Illustration for article titled Fallout Continues in Puerto Rico After Warehouse Full of Unused Relief Supplies Is Discovered
Photo: Carlos Giusti (AP Photo)

A video showing a Puerto Rican warehouse full of unused supplies—allegedly given to aid survivors in the aftermath of Hurricane María—has set off a political firestorm on the island, currently reeling from a series of earthquakes.

The footage, streamed on Saturday by Lorenzo Delgado Torres, instantly went viral, showing a warehouse in the southern coastal city of Ponce full of unused emergency supplies: bottled water (now expired), propane gas tanks, portable stoves, diapers, and baby formula. The supplies are believed to have been sitting at the 43,000 square-foot warehouse since September 2017.

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As the New York Times reports, word of the unused emergency supplies spread quickly through Ponce, where thousands remain in shelters following the 6.4 magnitude earthquake that hit the island two weeks ago. Angry residents showed up at the warehouse to “demand an explanation, jeer at government officials and take some of the supplies,” writes the Times.

Gov. Wanda Vázquez attempted to move quickly to quell the crisis. In an official statement given after the enraging discovery, she called the unused resources “unforgivable.” By Sunday, she had fired three cabinet officials: Carlos Acevedo, director of Puerto Rico’s Office of Emergency Management, was the first to go, followed by Housing Secretary Fernando Gil and Department of Family Secretary Glorimar Andújar.

Gil and Andújar were fired after neither was able to provide Vázquez information she asked for about collection and distribution centers in the wake of the burgeoning scandal, she said. Vázquez also vowed not to charge any residents who had taken supplies from the full, unattended warehouse.

But the quick response wasn’t enough to deter protesters from calling for Gov. Vázquez’s resignation over the weekend—the trust between ordinary Puerto Ricans and their government leaders further eroded. After all, in addition to natural disasters, this is only the latest example of government mismanagement and incompetence to hit the U.S. territory in the last few years. From the Times:

Trailers full of food, water and baby supplies that had been donated for hurricane victims were found left to rot at a government office nearly a year after the storm. By that time, they had become infested by rats. Thousands of unused cases of bottled water laid to waste for months on an unused runway. Donations compiled in Florida rotted away because the Puerto Rican government did not have money to ship them to the island.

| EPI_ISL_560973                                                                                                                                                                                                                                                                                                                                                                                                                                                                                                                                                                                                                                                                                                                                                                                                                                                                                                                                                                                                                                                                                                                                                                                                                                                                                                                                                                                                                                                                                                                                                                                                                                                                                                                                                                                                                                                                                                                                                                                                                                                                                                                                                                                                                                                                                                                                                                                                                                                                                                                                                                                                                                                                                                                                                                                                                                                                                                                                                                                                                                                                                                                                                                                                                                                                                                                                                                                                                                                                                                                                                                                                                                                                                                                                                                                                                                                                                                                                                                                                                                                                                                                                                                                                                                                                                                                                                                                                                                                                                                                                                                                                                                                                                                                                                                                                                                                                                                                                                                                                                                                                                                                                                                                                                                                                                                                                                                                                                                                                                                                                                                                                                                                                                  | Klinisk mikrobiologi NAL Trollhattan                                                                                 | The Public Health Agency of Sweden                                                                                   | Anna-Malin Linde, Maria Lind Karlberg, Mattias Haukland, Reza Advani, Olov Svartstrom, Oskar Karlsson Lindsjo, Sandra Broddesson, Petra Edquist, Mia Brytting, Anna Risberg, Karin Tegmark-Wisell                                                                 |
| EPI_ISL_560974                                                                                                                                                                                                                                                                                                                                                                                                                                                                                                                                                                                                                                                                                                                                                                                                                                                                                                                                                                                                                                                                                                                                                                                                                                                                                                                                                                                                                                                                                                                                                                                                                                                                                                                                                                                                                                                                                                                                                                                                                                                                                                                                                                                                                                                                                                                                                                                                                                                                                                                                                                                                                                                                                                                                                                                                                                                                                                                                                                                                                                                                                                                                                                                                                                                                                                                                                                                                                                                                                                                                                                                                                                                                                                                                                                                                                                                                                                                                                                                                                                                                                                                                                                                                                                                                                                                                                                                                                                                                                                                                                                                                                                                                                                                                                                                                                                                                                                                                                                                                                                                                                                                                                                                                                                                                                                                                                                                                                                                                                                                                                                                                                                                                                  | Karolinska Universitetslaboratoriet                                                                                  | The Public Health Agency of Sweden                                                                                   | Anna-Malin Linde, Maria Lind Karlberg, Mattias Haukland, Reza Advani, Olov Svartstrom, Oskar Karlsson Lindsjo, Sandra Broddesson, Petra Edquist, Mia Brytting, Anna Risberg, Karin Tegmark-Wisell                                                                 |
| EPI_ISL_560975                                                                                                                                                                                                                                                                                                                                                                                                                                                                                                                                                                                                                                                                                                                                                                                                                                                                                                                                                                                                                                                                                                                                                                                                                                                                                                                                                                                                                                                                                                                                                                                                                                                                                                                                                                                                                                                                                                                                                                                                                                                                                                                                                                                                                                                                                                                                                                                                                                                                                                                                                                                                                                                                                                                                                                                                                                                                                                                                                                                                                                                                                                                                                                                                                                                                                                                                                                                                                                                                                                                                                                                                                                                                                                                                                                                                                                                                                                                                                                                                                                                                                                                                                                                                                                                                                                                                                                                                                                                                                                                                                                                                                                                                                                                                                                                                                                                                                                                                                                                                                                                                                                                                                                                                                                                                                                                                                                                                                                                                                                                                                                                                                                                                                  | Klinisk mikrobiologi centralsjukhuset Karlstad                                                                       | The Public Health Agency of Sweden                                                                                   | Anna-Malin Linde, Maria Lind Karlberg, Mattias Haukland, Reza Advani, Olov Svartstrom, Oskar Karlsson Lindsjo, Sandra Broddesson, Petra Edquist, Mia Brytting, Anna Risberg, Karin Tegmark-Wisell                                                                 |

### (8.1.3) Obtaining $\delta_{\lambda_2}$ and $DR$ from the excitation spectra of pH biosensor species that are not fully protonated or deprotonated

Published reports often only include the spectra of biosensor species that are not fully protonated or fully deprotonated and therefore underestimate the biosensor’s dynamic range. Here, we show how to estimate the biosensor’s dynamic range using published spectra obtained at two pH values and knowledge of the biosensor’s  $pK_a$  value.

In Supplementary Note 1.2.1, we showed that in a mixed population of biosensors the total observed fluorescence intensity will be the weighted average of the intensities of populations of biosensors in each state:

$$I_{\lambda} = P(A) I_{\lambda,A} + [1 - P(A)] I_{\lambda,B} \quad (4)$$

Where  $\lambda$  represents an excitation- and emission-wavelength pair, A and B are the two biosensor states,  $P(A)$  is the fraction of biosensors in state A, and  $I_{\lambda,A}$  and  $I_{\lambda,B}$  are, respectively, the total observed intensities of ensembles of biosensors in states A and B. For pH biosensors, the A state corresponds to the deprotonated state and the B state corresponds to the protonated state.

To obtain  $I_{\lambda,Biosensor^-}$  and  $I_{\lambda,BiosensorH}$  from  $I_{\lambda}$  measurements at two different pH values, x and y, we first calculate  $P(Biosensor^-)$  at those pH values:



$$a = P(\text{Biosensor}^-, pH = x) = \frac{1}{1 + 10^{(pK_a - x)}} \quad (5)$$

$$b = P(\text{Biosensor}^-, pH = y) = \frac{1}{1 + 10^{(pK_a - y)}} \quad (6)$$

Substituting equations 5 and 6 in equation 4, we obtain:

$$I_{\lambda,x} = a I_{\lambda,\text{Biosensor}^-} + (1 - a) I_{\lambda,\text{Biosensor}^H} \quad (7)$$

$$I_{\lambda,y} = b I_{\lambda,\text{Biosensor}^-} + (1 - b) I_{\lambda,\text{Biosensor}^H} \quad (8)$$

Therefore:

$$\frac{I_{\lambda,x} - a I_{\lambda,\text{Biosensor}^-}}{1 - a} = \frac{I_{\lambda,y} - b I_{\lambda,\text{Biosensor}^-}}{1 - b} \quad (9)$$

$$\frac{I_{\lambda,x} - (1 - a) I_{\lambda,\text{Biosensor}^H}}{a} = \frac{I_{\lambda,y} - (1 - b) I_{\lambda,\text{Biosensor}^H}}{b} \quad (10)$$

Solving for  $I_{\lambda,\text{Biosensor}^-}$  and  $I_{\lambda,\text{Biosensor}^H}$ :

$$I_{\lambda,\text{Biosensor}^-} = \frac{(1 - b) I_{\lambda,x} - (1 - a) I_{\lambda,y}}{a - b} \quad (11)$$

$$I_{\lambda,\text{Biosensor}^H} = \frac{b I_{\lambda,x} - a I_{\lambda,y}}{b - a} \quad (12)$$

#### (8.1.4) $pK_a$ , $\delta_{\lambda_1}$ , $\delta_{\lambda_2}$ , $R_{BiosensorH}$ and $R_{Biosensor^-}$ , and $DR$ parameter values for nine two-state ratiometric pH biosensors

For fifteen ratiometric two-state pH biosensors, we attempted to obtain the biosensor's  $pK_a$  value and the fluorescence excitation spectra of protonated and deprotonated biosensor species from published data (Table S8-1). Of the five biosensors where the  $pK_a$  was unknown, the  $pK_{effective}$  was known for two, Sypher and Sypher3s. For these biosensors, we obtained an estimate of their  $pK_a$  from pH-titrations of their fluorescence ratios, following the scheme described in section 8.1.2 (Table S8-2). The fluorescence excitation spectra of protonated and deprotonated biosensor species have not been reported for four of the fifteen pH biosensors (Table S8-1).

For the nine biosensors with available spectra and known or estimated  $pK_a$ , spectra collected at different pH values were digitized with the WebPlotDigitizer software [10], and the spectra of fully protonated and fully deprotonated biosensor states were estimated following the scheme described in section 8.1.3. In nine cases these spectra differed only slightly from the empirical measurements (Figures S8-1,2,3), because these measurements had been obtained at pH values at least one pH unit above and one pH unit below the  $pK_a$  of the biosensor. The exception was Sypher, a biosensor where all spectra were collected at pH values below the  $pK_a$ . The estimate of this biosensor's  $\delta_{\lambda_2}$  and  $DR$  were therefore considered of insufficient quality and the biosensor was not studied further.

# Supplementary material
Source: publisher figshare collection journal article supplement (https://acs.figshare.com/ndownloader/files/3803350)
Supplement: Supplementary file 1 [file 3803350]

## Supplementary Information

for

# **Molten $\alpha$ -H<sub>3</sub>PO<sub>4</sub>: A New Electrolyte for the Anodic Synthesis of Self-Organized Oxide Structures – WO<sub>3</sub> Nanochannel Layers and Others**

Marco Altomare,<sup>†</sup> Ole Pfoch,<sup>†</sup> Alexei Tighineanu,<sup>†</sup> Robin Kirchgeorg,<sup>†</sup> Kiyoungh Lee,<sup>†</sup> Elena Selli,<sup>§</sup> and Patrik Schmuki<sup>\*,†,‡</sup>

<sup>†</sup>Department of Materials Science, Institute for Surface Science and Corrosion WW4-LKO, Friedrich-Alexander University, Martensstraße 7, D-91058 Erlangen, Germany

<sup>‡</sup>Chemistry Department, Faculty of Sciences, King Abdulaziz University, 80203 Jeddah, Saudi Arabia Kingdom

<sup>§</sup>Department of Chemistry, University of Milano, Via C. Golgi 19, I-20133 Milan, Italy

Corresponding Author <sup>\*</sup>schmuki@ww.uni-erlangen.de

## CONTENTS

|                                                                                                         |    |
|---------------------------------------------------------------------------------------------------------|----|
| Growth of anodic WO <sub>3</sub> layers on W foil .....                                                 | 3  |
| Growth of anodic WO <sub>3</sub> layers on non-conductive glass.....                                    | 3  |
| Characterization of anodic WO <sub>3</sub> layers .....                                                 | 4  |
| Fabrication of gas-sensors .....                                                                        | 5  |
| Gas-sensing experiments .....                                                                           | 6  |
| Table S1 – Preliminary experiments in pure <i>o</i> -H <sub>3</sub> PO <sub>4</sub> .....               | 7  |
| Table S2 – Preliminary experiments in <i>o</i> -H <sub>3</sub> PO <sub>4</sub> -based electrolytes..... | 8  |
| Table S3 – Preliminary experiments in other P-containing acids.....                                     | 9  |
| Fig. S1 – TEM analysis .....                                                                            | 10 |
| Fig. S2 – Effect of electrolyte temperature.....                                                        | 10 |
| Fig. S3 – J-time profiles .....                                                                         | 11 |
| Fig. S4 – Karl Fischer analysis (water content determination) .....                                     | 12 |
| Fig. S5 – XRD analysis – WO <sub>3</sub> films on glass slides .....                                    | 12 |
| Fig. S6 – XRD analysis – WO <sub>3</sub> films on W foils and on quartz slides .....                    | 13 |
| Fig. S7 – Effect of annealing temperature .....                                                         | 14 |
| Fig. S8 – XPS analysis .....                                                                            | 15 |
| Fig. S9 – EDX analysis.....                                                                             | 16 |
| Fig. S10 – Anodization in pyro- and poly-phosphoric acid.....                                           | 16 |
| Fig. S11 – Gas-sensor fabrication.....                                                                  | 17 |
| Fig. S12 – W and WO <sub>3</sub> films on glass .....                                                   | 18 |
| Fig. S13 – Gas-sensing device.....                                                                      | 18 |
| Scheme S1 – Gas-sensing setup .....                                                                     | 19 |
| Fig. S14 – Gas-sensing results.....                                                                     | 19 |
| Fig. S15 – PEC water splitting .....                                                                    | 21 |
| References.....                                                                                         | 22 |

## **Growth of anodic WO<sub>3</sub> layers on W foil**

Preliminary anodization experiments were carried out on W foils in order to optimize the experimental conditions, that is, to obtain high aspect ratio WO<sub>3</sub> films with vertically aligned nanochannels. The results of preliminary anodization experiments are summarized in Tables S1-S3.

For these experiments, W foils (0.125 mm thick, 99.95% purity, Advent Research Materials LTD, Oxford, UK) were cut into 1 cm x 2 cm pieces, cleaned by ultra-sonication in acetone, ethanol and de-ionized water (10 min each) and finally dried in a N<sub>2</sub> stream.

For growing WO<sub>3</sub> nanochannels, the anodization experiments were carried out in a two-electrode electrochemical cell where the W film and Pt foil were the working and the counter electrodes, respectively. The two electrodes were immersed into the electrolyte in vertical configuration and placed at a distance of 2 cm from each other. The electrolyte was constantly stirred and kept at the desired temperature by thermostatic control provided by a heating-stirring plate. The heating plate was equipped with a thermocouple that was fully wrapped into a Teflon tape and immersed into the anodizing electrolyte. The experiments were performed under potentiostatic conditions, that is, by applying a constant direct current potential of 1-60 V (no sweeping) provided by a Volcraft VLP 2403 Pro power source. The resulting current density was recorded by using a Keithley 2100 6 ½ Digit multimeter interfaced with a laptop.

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President Donald Trump is also likely to use the news to further complicate the aid process to Puerto Rico. For a month, the Trump administration withheld $8.2 billion in congressionally-approved disaster funding to help Puerto Ricans—who are U.S. citizens—following the wave of earthquakes. Trump and his administration have repeatedly cited wasteful spending and financial mismanagement as reasons why more aid restrictions are necessary, though they waited a full five days after Puerto Rico asked for post-earthquake relief to declare a disaster.

The federal government is not without blame, either. As the Washington Post notes, the most high-profile corruption case concerning relief efforts in Puerto Rico involved federal employees—namely, two FEMA officials who were charged with fraud and bribery over the allocation of $1.8 billion in contracts to restore the island’s mangled power grid.

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As incompetence and delays abound, the lives of thousands of Puerto Ricans hang in the balance. According to the Post, $20 billion in promised federal funding has trickled slowly toward the island’s residents, many of whom have been waiting since 2017 for help.

“If my house had been repaired, I might have something to return to now,” resident Nydia Camacho told the paper. “Do you know what it is to have so many people like me who can’t move on? All we need is a little push to get going.”

Staff writer, The Root. Sometimes I blog slow, sometimes I blog quick. Do you have this in coconut?

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